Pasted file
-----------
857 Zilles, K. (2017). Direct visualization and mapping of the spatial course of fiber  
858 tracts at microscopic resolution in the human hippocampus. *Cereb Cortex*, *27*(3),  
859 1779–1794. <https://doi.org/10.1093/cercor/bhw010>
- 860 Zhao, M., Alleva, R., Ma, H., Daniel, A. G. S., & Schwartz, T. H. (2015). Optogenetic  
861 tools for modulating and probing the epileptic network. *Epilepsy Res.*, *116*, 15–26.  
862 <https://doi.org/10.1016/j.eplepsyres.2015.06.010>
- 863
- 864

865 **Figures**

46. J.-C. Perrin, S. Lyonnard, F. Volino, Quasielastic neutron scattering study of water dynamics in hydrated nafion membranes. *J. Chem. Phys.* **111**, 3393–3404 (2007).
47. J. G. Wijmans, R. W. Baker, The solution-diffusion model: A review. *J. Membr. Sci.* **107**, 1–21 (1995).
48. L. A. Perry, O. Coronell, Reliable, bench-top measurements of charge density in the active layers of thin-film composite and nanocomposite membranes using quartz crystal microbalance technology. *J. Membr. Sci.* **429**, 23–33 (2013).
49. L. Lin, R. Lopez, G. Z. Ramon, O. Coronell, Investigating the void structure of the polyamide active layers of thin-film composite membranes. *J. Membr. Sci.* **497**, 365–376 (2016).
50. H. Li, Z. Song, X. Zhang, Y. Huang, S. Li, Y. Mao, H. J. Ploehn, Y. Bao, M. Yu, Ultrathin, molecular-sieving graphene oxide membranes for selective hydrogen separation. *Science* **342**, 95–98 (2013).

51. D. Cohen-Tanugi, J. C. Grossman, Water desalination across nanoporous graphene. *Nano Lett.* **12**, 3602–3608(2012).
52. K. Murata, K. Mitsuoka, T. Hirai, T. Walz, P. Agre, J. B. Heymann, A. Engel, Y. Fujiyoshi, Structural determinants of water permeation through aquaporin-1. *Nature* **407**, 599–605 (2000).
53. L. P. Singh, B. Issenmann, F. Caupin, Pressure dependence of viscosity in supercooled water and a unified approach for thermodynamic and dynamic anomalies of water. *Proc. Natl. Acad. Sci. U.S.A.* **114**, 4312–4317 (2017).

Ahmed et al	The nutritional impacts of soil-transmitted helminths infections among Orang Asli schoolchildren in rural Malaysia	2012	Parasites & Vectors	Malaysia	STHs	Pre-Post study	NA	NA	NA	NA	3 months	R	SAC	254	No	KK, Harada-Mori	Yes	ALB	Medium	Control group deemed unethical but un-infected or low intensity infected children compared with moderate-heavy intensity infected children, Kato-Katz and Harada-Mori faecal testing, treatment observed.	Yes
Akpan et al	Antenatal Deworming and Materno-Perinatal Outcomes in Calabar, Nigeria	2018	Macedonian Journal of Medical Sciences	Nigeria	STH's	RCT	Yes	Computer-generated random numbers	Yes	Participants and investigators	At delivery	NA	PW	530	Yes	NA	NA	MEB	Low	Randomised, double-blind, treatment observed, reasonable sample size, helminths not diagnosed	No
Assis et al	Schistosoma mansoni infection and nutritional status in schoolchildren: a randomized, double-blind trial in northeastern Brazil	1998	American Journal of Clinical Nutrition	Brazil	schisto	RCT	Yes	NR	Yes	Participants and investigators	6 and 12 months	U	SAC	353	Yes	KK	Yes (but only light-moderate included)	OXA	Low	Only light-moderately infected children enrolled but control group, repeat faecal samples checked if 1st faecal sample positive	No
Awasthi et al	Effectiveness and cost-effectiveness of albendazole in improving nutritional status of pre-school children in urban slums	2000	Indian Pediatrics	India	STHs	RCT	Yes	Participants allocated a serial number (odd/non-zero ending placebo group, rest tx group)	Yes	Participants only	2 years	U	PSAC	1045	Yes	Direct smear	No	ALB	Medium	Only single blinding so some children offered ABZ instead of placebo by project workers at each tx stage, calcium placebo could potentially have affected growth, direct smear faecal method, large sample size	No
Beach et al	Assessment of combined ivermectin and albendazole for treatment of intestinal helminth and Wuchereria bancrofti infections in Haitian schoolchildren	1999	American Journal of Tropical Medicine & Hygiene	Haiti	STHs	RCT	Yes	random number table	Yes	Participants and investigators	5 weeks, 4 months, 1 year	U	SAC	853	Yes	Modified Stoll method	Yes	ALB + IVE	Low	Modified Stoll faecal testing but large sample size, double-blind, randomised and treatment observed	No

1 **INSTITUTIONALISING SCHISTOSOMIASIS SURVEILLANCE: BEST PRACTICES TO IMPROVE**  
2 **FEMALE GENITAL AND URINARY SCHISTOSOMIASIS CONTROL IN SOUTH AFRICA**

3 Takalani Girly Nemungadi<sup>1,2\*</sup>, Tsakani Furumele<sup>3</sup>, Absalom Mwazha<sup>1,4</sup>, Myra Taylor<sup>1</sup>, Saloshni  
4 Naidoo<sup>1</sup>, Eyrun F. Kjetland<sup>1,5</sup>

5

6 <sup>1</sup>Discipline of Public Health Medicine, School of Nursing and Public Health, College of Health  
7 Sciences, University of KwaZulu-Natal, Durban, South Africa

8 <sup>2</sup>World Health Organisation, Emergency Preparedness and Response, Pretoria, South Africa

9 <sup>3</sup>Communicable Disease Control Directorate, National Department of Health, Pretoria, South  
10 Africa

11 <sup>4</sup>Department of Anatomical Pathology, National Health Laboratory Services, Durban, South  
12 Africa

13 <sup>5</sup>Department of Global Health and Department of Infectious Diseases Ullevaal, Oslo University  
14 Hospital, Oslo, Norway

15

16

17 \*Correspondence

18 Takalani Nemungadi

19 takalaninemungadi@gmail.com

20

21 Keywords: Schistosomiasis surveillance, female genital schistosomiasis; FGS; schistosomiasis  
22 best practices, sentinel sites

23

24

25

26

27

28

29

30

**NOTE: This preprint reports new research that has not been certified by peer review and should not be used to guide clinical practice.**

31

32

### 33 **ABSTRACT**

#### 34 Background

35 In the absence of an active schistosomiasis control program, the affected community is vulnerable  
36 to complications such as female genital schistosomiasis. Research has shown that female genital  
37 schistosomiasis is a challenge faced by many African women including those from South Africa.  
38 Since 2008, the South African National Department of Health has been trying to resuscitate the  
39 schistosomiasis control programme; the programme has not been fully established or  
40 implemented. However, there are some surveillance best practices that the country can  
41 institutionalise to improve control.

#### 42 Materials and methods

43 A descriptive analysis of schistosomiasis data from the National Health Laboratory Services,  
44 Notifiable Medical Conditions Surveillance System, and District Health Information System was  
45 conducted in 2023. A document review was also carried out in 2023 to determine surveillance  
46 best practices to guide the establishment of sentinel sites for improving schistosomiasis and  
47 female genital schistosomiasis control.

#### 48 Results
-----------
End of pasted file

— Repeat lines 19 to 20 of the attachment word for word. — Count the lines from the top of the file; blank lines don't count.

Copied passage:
Akpan et al	Antenatal Deworming and Materno-Perinatal Outcomes in Calabar, Nigeria	2018	Macedonian Journal of Medical Sciences	Nigeria	STH's	RCT	Yes	Computer-generated random numbers	Yes	Participants and investigators	At delivery	NA	PW	530	Yes	NA	NA	MEB	Low	Randomised, double-blind, treatment observed, reasonable sample size, helminths not diagnosed	No
Assis et al	Schistosoma mansoni infection and nutritional status in schoolchildren: a randomized, double-blind trial in northeastern Brazil	1998	American Journal of Clinical Nutrition	Brazil	schisto	RCT	Yes	NR	Yes	Participants and investigators	6 and 12 months	U	SAC	353	Yes	KK	Yes (but only light-moderate included)	OXA	Low	Only light-moderately infected children enrolled but control group, repeat faecal samples checked if 1st faecal sample positive	No